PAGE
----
Fading Fast: Five .380 Pocket Pistols With All Metal Frames

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Is the .380 an anachronistic handgun round?  Despite my proclivity for the undersized .38 caliber, I think there’s a case to be made for its growing irrelevance.  As more 9mms come down in size, I can only really recommend the .380 round for shooters who can’t handle the kick of the 9×19.  Yet companies continue to make some very compelling firearms that make a good case for the timelessness of the .380.  The Beretta Pico should be out soon, and we’re waiting anxiously.

Still, very few companies are debuting .380s with metal frames.  The emphasis these days seems to be on shrinking size and weight.  If the 9mm can come down to the size of the bigger, heavier .380s, than the .380 can shrink itself into something much smaller.  So what about the more old fashioned .380s?  Are the antiques?  Are they obsolete?

The Walther PPK

The Walther PPK is an amazing gun.  If any one of the guns in this list will remain in production, indefinably, it will be the storied PPK.  It isn’t going anywhere.  It is big enough to hold onto and very accurate.

Some calibers of the PPK (like the .22) have alloy frames.  Others are steel.  They are all hearty guns that age gracefully.

But these guns are more expensive than their polymer competition.  And that is the sticking point.  While the PPK can’t be legitimately compared to the subcompact polymer .380s that are taking over the market, people insist on doing so.  They shoot the same round, so the guns get compared.  And when size and cost are factored in, the PPK ends up looking much worse than it actually is.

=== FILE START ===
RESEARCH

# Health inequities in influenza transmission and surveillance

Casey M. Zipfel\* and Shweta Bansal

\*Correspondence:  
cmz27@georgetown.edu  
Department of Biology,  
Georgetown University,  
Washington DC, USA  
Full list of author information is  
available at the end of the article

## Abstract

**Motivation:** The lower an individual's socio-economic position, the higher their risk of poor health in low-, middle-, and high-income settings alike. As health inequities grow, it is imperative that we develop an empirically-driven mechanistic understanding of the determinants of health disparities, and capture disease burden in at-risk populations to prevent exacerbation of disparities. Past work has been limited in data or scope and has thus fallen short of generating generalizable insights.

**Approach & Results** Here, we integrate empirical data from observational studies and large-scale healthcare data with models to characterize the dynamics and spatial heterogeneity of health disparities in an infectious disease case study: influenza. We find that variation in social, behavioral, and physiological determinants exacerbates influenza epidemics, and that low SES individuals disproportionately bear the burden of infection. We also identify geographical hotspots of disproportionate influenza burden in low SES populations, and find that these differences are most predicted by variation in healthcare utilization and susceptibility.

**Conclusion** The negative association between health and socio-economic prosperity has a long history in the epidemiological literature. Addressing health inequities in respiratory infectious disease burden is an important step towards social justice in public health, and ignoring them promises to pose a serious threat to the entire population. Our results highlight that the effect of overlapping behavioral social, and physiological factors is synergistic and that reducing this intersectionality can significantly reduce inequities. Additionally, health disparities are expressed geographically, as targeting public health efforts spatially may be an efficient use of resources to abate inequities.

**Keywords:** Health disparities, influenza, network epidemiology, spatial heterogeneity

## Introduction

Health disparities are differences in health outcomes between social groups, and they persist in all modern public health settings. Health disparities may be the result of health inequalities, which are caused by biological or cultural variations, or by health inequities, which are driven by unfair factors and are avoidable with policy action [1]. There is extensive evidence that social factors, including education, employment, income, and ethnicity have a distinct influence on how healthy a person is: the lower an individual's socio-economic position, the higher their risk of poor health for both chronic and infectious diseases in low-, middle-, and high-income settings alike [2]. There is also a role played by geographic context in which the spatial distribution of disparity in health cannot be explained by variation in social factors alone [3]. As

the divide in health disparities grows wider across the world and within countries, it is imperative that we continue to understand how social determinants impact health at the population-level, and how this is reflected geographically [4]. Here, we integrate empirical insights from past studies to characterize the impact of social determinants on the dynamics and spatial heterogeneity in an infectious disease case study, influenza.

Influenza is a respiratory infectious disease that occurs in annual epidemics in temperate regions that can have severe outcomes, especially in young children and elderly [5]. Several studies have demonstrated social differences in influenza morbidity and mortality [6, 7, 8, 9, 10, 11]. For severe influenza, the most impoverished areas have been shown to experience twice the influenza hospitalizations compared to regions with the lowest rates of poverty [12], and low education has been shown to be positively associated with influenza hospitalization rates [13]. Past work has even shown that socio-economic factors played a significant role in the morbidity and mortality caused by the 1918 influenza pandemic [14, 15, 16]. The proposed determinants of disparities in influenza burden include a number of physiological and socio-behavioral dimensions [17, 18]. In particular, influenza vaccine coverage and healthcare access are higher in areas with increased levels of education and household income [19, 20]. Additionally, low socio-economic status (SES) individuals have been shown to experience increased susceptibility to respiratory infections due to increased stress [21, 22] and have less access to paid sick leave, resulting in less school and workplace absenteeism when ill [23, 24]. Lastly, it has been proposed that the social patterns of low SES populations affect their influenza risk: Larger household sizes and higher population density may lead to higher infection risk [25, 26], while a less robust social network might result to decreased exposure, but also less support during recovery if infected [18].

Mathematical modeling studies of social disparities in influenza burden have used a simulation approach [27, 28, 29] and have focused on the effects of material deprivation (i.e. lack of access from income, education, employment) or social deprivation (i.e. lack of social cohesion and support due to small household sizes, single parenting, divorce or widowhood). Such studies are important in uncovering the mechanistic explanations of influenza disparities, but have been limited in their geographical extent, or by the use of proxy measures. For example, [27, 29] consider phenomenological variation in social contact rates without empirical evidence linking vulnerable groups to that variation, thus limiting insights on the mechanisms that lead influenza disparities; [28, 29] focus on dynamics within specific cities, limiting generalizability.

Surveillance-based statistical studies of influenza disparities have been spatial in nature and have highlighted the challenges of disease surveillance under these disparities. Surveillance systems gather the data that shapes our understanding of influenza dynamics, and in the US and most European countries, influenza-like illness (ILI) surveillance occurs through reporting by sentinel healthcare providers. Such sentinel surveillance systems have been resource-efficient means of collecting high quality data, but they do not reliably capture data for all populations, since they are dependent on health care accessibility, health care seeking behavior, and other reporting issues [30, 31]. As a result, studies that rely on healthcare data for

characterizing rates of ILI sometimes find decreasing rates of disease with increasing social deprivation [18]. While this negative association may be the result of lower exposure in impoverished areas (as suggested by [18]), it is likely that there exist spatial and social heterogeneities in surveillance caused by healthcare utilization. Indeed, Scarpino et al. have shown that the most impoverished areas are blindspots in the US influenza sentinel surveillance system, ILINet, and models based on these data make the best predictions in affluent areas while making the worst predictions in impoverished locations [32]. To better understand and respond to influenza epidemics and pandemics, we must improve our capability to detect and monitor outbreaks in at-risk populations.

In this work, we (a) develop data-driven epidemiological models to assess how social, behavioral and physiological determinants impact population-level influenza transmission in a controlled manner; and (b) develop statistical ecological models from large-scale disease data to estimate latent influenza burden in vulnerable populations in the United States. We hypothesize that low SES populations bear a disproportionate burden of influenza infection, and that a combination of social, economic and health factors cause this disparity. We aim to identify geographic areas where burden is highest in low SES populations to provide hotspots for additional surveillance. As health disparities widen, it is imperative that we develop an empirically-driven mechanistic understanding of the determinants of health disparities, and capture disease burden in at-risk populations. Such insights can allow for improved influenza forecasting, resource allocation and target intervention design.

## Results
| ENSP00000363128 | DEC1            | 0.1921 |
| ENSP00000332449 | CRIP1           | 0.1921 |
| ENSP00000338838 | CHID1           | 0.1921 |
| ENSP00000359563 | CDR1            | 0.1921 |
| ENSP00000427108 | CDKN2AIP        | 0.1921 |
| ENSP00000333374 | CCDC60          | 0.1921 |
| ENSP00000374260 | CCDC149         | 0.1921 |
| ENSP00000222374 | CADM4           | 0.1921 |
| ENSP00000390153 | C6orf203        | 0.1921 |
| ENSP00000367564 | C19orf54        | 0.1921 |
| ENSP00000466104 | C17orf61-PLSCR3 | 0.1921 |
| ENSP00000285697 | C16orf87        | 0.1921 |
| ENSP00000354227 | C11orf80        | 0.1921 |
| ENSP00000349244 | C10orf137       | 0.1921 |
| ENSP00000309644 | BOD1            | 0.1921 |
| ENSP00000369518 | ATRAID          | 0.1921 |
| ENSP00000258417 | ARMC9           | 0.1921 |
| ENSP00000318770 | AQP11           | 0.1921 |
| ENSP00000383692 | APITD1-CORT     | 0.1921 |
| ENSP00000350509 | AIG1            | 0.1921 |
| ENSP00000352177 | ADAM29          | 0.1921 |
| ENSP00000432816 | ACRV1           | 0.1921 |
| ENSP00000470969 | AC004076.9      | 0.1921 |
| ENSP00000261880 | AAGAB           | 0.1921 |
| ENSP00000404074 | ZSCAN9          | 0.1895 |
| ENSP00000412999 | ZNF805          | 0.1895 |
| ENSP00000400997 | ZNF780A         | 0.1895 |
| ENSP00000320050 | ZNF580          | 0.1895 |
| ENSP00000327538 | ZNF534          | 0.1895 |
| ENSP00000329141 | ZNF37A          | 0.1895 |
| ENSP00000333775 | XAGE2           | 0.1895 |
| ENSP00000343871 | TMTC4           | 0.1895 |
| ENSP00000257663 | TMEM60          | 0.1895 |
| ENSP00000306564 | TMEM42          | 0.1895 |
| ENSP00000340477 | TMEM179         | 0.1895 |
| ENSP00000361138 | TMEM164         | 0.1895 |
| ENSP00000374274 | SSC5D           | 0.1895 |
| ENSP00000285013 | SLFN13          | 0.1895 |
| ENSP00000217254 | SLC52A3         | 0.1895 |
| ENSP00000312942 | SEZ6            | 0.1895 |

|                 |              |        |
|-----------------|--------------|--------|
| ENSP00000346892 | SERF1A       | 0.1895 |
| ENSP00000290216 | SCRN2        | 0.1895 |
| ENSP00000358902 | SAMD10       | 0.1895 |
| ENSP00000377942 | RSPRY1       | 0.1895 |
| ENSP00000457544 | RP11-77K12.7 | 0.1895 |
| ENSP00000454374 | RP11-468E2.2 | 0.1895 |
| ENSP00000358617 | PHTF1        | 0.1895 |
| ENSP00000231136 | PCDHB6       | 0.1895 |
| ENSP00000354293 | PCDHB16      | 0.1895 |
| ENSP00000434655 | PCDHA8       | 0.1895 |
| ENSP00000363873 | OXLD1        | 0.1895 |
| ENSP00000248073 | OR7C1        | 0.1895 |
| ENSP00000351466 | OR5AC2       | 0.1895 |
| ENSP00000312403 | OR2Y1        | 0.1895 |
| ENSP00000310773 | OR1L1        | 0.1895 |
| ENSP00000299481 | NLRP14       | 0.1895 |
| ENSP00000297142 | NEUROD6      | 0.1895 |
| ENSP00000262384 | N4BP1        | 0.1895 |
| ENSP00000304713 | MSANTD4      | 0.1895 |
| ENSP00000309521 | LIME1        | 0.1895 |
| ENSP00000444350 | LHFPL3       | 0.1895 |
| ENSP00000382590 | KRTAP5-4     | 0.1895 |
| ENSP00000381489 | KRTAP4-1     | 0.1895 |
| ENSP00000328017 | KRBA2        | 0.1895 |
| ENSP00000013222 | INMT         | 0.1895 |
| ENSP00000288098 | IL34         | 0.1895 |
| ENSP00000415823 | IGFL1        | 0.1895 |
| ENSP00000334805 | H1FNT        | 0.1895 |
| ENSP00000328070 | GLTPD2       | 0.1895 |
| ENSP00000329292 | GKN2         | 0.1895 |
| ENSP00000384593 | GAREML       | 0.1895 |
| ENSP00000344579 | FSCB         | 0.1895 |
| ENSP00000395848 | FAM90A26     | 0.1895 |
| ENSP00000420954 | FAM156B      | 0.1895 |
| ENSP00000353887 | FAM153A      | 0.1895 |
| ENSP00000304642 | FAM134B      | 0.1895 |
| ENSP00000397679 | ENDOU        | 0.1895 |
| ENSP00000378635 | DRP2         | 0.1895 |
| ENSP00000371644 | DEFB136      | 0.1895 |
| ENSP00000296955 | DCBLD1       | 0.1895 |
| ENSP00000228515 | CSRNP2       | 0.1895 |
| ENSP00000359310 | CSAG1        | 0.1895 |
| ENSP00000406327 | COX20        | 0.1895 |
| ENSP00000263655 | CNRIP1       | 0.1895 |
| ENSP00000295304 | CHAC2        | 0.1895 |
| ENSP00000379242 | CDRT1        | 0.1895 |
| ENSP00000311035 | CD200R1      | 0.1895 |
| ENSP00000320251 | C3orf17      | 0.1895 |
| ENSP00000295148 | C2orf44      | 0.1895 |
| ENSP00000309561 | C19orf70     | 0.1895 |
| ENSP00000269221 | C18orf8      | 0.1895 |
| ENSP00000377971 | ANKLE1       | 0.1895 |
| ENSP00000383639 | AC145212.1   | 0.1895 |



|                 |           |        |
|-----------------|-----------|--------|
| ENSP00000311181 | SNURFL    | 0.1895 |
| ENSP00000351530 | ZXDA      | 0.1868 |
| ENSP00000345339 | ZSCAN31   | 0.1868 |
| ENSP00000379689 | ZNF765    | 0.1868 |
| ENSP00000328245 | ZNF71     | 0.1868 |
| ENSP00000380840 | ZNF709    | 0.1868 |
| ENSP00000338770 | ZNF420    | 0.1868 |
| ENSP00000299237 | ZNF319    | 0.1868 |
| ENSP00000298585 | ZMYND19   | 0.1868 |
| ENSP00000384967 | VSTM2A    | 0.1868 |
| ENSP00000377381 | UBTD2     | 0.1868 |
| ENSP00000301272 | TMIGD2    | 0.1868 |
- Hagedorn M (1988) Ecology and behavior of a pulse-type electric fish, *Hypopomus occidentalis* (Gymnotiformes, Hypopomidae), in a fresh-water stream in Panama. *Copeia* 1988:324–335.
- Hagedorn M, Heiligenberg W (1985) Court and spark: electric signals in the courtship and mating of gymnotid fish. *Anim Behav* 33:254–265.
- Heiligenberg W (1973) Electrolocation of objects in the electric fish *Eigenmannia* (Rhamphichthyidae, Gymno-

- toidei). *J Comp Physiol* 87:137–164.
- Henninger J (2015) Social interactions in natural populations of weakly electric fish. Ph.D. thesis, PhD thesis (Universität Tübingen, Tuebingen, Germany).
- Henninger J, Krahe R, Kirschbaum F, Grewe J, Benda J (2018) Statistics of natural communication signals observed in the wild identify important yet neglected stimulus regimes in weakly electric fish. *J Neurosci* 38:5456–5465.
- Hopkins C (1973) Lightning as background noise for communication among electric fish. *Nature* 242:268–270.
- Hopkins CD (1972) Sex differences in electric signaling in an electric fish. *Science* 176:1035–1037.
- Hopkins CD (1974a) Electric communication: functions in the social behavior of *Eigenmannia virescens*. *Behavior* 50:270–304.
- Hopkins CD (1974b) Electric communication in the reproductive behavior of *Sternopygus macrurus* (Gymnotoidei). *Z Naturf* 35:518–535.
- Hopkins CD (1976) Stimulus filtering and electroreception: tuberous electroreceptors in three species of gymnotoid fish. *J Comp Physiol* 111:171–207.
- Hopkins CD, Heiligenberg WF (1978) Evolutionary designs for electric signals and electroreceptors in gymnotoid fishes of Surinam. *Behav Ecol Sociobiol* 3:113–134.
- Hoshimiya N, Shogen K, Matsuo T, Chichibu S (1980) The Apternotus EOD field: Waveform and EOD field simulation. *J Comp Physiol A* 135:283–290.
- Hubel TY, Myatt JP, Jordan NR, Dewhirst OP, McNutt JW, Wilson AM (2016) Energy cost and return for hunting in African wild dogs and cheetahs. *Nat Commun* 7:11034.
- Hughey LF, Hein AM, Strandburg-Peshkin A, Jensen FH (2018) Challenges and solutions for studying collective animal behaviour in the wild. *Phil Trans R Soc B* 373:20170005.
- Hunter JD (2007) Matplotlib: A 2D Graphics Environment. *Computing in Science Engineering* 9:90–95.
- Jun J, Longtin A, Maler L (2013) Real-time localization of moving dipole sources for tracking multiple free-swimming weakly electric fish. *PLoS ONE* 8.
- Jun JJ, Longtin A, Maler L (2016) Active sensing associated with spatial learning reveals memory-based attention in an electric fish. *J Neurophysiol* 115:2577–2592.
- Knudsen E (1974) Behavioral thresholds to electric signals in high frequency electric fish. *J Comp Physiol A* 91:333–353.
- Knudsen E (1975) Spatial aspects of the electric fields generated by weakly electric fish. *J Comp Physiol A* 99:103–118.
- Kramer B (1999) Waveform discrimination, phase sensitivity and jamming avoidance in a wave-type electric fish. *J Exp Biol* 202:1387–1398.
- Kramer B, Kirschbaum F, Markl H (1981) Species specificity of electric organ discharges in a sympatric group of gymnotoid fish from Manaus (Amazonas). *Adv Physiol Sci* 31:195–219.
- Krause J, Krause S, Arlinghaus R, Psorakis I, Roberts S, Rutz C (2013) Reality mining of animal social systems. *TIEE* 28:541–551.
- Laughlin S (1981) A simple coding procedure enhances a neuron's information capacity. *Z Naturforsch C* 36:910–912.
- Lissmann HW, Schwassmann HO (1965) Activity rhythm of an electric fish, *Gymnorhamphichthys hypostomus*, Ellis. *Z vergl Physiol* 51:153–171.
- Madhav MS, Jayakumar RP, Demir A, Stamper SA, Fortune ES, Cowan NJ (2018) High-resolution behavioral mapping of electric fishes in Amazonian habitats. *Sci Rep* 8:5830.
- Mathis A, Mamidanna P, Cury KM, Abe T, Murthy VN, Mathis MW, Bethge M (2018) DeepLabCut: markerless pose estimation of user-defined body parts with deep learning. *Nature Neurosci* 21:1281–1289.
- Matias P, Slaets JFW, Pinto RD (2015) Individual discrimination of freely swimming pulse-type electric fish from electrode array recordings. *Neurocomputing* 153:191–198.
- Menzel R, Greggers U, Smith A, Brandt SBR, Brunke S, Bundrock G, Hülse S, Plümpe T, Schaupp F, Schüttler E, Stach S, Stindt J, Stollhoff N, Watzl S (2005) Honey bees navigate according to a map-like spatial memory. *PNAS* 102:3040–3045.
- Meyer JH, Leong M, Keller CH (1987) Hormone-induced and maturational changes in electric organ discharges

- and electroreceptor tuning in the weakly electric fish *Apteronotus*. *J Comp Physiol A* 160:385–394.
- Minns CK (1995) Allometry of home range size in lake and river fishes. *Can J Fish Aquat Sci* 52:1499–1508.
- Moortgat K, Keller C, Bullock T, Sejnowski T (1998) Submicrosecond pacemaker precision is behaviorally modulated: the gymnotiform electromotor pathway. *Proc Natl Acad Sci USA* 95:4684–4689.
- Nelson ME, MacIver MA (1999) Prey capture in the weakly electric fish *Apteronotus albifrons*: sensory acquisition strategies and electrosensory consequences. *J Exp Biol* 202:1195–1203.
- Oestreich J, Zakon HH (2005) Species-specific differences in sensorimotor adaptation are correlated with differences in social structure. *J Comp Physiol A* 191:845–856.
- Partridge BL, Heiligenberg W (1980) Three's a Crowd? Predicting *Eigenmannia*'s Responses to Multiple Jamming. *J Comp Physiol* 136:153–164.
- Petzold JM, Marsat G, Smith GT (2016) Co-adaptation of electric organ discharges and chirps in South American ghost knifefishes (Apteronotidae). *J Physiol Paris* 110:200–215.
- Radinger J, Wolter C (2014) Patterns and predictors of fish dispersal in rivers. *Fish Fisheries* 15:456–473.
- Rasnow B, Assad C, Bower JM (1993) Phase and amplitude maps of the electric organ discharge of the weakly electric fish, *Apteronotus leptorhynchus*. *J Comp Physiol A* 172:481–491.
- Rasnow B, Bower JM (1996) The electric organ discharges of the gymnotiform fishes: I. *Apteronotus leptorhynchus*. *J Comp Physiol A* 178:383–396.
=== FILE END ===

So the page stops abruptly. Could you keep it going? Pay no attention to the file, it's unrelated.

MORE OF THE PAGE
The Colt Mustang

If there was one gun likely to resist the polymer craze, it is the 1911.  So much for that.

And its little brother, The Mustang, has a new life in plastics.  The new polymer framed version has a slightly updated look.

The recent re-release of Colt’s .380 has remained popular.  The polymer framed Mustangs are selling well, too.  Many of those who want a small .380 also want the option of an exposed hammer.

The mustang takes that one step further by incorporating a single-action style that will be very familiar to fans of the 1911.  If you carry a full-sized single action, the Mustang won’t require a whole new set of skills to master.

Will the new polymer version be even better?  I’m currently carrying a mustang that looks exactly like the one above.  I’ve yet to get my hands on a polymer framed pony.  But I do like the look of that trigger guard.  With so little to hold onto under the trigger guard, I find myself putting my left hand higher on the guard than I would like.  And the aluminum framed version is a bit slick.  Not cool slick.  Slippery slick.

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